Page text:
2024 Is the Year of the Generative AI Election


Experts know that generative AI is poised to drastically change the information landscape, and problems that have long plagued tech platforms—like mis- and disinformation, scams, and hateful content—are likely to be amplified, despite the guardrails that companies say they’ve put in place.

There are a few ways to know whether something was made or manipulated using AI: People or campaigns may have confirmed its usage; fact-checkers may have analyzed and debunked something circulating out in the world; or maybe the AI content is being clearly used for something like satire. Sometimes, if we’re lucky, it’s watermarked, meaning there’s something indicating that it was generated or changed by AI. But the reality is this likely accounts for only some of what’s already out there. Even our own dataset is almost certainly an undercount.

And that leads us to another issue: As British journalist Peter Pomerantsev has said, “When nothing is true, everything is possible.” In an information ecosystem where anything can be generative AI, it’s easy for politicians or public figures to say that something real is fake—what’s known as the “liar’s dividend.” That means people may be less likely to believe information even when it’s true. As for fact-checkers and journalists, many don’t have the tools readily available to assess whether something has been made or manipulated by AI. Whatever this year brings, it’s likely going to be only the tip of the iceberg.

But just because something is fake doesn’t make it bad. Deepfakes have found a home in satire, chatbots can (sometimes) provide good information, and personalized campaign outreach can make people feel seen by their political representatives.

It’s a brave new world, but that’s why we’re tracking it.

The Chatroom

As part of our AI project, we’re asking readers to submit any instances of generative AI you’re encountering out in the wild this election year.

To get a better sense of how we’ll be evaluating submissions (or even the things we find) and to send one our way, check out this link here. If you’re not sure whether something was made from generative AI or just a run-of-the-mill cheapfake, send it anyway and we’ll look into it.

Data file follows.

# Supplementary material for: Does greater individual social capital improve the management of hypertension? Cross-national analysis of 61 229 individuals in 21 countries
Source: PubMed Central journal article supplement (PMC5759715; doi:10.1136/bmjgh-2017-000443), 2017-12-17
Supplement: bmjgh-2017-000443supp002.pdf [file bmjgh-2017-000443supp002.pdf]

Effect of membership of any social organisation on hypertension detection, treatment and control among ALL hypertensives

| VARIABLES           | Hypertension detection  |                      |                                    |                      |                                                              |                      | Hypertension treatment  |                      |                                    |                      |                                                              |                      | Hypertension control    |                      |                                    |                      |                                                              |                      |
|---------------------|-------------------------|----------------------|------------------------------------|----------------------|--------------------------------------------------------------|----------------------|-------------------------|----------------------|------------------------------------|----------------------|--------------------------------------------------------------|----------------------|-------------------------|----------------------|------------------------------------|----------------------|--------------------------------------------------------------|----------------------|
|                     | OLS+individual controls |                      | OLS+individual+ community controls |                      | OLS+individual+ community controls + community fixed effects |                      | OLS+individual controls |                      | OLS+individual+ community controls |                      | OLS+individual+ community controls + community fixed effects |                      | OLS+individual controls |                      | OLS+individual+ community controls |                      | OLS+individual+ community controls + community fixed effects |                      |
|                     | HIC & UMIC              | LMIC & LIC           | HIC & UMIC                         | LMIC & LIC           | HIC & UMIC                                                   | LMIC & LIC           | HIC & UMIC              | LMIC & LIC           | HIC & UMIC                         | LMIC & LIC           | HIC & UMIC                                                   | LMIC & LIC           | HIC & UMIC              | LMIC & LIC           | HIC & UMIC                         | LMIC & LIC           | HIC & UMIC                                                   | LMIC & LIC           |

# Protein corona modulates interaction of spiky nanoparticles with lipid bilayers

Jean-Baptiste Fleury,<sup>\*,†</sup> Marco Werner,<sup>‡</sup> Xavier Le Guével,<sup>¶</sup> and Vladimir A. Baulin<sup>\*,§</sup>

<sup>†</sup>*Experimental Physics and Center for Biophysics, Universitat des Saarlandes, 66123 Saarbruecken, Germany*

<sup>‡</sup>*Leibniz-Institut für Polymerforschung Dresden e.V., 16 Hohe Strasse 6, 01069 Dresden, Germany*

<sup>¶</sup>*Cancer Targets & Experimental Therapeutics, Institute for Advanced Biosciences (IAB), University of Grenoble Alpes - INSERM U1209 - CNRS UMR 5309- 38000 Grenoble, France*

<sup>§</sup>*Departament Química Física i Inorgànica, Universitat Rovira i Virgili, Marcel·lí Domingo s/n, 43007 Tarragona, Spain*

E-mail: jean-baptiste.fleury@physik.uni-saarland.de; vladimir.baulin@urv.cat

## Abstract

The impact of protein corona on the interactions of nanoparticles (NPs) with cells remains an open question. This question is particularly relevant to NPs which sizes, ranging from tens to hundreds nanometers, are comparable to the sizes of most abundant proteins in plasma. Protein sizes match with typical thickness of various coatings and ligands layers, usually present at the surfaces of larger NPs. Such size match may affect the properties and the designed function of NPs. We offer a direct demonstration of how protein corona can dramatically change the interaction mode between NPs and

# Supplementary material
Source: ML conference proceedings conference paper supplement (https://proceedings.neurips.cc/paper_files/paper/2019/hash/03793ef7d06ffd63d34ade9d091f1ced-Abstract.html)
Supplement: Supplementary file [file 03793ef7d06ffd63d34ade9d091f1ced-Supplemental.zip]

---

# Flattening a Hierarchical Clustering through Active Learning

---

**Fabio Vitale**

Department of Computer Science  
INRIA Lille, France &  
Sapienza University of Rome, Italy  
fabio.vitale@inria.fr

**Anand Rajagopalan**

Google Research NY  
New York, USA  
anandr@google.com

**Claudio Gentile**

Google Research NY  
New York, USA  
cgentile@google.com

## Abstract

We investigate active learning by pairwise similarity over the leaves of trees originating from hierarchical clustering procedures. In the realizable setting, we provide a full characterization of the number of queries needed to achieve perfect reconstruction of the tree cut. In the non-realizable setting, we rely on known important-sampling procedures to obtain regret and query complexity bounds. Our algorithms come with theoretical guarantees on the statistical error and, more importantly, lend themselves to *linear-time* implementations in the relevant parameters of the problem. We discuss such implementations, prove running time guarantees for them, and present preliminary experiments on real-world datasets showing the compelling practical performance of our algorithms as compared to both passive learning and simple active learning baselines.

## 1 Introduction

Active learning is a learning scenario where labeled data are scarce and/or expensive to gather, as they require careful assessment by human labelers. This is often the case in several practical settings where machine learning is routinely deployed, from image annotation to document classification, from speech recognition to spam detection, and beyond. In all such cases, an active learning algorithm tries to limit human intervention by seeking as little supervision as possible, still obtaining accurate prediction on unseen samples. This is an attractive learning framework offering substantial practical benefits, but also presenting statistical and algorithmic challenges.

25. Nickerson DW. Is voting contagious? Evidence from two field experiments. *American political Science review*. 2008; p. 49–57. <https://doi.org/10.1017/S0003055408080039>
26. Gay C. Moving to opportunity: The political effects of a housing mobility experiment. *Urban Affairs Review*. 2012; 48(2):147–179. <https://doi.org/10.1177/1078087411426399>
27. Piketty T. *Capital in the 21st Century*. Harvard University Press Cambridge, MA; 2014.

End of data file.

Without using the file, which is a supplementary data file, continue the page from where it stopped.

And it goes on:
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WIRED Reads

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What Else We’re Reading

🔗 TikTok says it removed an influence campaign originating in China: TikTok said last week that it had taken down thousands of accounts linked to 15 Chinese influence campaigns on its platforms. (The Washington Post)

🔗 Ramaswamy Urges BuzzFeed to Cut Jobs, Air More Conservative Voices: Vivek Ramaswamy, the former Republican presidential candidate, is now an activist investor in BuzzFeed. He wants the publication to court conservative readers and to say it “lied” in its reporting about Donald Trump and Covid, among other topics. (Bloomberg)

🔗 OpenAI Creates Oversight Board Featuring Sam Altman After Dissolving Safety Team: The new board will make recommendations about safety and security, and will have 90 days to “further develop OpenAI’s processes and safeguards,” according to the company’s blog. (Bloomberg)

The Download

One last thing! This week on the podcast, I spoke with our editor and host Leah Feiger about the AI elections project. Give it a listen!

In addition to talking about the new project (can you tell I’m excited?), Leah and I were joined by Nilesh Christopher, who has reported on the role of deepfakes in India’s elections for WIRED. The biggest takeaway: The Indian elections are wrapping up soon, and many of the country’s burgeoning generative AI companies are looking for new markets that might be interested in their tools—possibly even coming to an election near you.

That’s it for today. Thanks again for subscribing. You can get in touch with me via email and X.

Source image: Getty Images





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